What happens when street smarts meets palace intrigue? Not a Hell of a lot in Jessica M. Thompson’s dull blue-blood horror film The Invitation. Nathalie Emmanuel deserves better than her role as Evelyn, a savvy New York girl just trying to make it in the big city following the deaths of her parents. She makes due as wait staff for a caterer, but she’s desperately lonely and in need of family, which is the only excuse for the string of ridiculously dumb decisions she makes that keep this absurd yet surprisingly dry film going for longer than it has any business.
It’s not inherently dumb to indulge in one of those Ancestry.com-like DNA tests, but it sets off a chain of stupid events. Despite being warned by her best buddy that it’s a bad idea, Evelyn goes to meet Oliver Alexander (Hugh Skinner), the exceedingly British and very-white cousin she never knew she had. Evelyn discovers that she is actually part of a royal dynasty of sorts, monied old people who live in posh castles and who give each other titles like “Lord” and “Lady”. Basically, she’s stumbled into the most unlikely episode of Downton Abbey ever. Her next mistake? Taking Oliver up on an offer to attend a marriage at the family castle across the pond, where she can be the darkest person there who isn’t one of the help. Despite her New York smarts that should have warned her this was a terrible idea, she does it anyway.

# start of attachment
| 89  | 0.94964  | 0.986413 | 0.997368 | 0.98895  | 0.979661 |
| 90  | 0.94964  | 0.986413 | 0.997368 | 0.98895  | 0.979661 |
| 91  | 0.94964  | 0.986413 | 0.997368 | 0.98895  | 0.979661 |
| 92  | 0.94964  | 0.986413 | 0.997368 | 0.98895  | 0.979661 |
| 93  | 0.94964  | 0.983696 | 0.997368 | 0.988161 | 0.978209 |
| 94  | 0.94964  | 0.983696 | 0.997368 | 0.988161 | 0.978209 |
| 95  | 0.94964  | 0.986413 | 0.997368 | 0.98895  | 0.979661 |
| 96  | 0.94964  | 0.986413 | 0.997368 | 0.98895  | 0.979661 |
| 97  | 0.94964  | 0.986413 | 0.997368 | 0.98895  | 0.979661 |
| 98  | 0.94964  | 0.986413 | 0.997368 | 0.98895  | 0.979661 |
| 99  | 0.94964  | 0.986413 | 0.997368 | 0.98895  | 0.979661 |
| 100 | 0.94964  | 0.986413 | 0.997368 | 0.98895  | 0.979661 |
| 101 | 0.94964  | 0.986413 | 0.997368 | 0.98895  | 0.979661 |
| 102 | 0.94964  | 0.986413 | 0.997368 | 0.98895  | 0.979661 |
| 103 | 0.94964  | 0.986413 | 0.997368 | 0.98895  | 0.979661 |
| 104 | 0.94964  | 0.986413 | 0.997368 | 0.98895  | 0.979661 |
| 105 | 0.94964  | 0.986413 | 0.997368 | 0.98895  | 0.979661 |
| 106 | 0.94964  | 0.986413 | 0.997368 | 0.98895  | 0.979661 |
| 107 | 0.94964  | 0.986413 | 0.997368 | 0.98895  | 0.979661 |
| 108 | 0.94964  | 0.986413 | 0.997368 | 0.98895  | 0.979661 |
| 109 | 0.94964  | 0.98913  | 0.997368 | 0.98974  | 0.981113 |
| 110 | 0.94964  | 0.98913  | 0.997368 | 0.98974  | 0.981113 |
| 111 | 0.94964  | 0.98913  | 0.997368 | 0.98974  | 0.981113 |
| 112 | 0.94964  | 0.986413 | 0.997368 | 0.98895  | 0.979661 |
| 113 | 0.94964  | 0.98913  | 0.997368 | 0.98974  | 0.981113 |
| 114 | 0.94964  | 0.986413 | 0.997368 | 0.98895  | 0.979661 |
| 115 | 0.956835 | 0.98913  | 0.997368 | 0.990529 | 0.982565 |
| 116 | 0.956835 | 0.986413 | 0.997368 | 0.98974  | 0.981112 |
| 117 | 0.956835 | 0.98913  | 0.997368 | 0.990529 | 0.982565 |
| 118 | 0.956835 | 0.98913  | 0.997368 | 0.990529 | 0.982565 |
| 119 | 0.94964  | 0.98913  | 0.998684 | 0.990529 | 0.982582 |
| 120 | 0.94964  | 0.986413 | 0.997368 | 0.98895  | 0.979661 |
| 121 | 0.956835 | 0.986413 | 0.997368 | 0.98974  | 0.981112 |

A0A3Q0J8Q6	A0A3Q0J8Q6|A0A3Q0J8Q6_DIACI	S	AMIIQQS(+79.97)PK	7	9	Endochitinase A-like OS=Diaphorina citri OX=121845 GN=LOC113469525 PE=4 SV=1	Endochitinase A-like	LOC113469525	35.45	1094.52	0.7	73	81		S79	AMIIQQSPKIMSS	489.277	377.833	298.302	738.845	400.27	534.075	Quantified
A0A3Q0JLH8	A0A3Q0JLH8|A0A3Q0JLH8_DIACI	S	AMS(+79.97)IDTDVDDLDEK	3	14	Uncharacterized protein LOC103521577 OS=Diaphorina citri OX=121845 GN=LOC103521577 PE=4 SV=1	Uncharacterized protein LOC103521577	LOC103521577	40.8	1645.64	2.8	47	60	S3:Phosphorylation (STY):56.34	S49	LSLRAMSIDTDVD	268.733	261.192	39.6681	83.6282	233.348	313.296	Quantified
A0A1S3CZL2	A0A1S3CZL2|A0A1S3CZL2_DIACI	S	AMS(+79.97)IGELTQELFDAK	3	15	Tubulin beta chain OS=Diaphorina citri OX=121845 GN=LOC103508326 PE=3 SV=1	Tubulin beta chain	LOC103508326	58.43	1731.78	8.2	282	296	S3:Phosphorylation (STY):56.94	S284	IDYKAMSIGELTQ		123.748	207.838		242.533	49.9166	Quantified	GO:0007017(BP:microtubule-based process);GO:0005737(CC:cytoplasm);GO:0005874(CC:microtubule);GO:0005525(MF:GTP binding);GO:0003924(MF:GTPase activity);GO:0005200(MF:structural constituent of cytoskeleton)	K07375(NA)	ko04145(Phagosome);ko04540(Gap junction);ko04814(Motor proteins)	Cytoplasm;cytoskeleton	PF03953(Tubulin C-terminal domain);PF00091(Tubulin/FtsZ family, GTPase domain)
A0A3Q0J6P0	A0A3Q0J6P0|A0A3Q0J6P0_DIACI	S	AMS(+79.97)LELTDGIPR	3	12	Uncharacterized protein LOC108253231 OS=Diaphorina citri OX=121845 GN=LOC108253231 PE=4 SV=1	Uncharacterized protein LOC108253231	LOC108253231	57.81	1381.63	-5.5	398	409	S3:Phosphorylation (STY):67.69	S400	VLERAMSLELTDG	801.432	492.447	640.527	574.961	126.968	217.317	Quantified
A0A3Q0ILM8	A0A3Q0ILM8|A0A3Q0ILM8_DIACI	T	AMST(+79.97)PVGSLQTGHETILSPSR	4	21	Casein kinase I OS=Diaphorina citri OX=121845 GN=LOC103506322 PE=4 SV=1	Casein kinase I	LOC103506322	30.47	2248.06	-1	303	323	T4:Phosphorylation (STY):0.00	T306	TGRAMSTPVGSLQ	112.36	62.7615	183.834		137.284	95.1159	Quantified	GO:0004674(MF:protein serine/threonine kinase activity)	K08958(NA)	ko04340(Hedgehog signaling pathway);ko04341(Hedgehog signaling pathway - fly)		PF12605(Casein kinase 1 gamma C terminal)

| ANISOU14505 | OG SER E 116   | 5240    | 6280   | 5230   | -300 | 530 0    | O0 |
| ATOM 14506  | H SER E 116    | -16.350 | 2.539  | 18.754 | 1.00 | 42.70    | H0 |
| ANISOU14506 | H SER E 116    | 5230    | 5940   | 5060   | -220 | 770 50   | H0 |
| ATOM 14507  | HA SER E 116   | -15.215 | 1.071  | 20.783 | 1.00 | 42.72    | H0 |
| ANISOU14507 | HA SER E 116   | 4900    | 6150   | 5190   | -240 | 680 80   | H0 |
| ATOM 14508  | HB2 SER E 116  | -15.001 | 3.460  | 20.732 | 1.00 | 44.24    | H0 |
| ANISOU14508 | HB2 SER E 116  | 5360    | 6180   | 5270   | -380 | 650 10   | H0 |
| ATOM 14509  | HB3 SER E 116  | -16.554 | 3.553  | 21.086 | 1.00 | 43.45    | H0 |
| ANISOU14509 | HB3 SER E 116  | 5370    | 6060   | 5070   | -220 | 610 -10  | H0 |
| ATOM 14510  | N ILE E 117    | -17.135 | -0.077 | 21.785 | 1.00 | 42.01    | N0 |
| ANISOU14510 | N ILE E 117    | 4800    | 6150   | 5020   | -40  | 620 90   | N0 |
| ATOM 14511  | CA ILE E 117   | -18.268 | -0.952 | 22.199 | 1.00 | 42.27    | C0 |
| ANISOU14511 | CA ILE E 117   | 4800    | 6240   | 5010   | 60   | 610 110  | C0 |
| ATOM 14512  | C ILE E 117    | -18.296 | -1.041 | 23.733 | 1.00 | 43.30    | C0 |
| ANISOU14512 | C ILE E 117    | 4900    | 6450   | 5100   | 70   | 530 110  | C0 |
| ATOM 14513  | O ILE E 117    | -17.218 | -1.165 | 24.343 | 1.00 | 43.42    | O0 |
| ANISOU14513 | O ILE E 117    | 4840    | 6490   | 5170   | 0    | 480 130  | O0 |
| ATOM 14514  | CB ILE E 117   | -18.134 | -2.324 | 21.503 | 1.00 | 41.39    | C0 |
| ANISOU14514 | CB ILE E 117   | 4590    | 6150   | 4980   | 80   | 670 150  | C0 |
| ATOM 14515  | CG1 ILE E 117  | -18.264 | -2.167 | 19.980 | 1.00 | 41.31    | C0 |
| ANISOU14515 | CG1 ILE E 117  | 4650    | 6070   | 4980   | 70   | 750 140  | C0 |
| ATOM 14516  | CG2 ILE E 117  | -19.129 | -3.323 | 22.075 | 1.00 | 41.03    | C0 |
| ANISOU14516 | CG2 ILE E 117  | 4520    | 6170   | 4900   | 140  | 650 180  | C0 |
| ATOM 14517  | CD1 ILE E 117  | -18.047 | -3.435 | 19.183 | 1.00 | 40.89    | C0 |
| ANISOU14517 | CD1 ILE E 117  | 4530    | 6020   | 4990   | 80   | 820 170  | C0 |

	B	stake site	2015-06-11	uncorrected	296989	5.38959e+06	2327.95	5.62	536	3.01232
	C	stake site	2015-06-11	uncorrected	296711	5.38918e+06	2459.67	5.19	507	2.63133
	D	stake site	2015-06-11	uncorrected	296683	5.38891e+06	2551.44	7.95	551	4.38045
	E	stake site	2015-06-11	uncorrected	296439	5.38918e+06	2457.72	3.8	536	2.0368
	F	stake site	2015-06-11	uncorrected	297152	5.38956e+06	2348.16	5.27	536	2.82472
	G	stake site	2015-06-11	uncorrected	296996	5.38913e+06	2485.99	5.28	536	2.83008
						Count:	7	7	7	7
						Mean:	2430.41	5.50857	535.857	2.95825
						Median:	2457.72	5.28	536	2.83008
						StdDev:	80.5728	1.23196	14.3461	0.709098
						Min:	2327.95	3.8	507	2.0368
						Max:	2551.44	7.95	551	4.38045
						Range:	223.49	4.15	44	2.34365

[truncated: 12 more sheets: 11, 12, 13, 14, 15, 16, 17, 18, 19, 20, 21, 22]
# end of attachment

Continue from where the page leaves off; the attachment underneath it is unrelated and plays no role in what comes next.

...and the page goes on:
Right away, it goes wrong. Sean Pertwee is perfectly-cast as the commanding, rude head butler who scolds the wait staff and treats Evelyn, er Evie as she likes to be called, like the outsider that she is. But there is a good thing. Walt (Thomas Doherty), the poised head of the estate, is very handsome. He stands out amongst the crowd of old white fogeys. To us, he’s instantly dangerous. To Evie, everything’s okay. Nevermind the barred windows, mysterious disappearances, wickedly evil kin, horrific visions. It’s all so silly you wish it could’ve been more fun.
Instead, The Invitation plods along before finally getting to what has become obvious: Evie’s new family does not have her best interests at heart. The only blood they’re interested in is devouring hers, as they turn out to be a coven of vampires who can walk around in the daylight. The reasons for this are dismissed out of hand when they really need further explanation, but this isn’t the sort of film that dwells on the details. And after nearly an hour of nothing happening it’s probably a small mercy that they don’t fall into exposition.
Emmanuel is a talented, stunningly gorgeous actress who has shown she’s capable of more in films such as Army of Thieves and her quietly smoldering performances on Game of Thrones. But she’s not given much to work with in The Invitation, and her turn in the final act to fight back in Samara Weaving-esque fashion never reaches the over-the-top heights we want such payback to be. Her casting is spot-on, though, as she’s perfect when the film makes allusions to the racial, cultural, and class divisions. She’s got just the right amount of New York snark when it’s suggested someone like her being invited into their midst is “more than a leg up”. It’s at moments like this when Emmanuel seems just angry enough to bite their heads off, which is the appropriate feeling to have. Too bad she doesn’t have this kind of fire all along, because The Invitation needed something to inject some life into it.
The Invitation is in theaters now.